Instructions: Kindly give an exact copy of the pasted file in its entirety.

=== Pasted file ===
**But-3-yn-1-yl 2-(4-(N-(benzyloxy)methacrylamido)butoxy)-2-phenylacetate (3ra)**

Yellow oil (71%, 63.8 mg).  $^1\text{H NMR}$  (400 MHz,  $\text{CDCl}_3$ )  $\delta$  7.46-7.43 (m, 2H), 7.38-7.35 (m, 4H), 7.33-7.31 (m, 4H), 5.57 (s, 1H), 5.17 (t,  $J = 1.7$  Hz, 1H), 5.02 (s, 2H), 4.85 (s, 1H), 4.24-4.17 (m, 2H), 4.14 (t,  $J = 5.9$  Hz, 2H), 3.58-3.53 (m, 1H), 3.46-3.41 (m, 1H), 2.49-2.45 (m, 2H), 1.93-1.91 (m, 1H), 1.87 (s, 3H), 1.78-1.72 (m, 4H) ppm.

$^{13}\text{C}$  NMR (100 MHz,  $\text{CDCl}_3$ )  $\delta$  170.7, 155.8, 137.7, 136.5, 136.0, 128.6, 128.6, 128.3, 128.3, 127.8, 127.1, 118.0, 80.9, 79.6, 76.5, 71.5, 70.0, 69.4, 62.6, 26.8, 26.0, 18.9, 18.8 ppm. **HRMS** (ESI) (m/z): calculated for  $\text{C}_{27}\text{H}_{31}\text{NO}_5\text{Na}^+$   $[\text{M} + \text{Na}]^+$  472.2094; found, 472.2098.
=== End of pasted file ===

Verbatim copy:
**But-3-yn-1-yl 2-(4-(N-(benzyloxy)methacrylamido)butoxy)-2-phenylacetate (3ra)**

Yellow oil (71%, 63.8 mg).  $^1\text{H NMR}$  (400 MHz,  $\text{CDCl}_3$ )  $\delta$  7.46-7.43 (m, 2H), 7.38-7.35 (m, 4H), 7.33-7.31 (m, 4H), 5.57 (s, 1H), 5.17 (t,  $J = 1.7$  Hz, 1H), 5.02 (s, 2H), 4.85 (s, 1H), 4.24-4.17 (m, 2H), 4.14 (t,  $J = 5.9$  Hz, 2H), 3.58-3.53 (m, 1H), 3.46-3.41 (m, 1H), 2.49-2.45 (m, 2H), 1.93-1.91 (m, 1H), 1.87 (s, 3H), 1.78-1.72 (m, 4H) ppm.

$^{13}\text{C}$  NMR (100 MHz,  $\text{CDCl}_3$ )  $\delta$  170.7, 155.8, 137.7, 136.5, 136.0, 128.6, 128.6, 128.3, 128.3, 127.8, 127.1, 118.0, 80.9, 79.6, 76.5, 71.5, 70.0, 69.4, 62.6, 26.8, 26.0, 18.9, 18.8 ppm. **HRMS** (ESI) (m/z): calculated for  $\text{C}_{27}\text{H}_{31}\text{NO}_5\text{Na}^+$   $[\text{M} + \text{Na}]^+$  472.2094; found, 472.2098.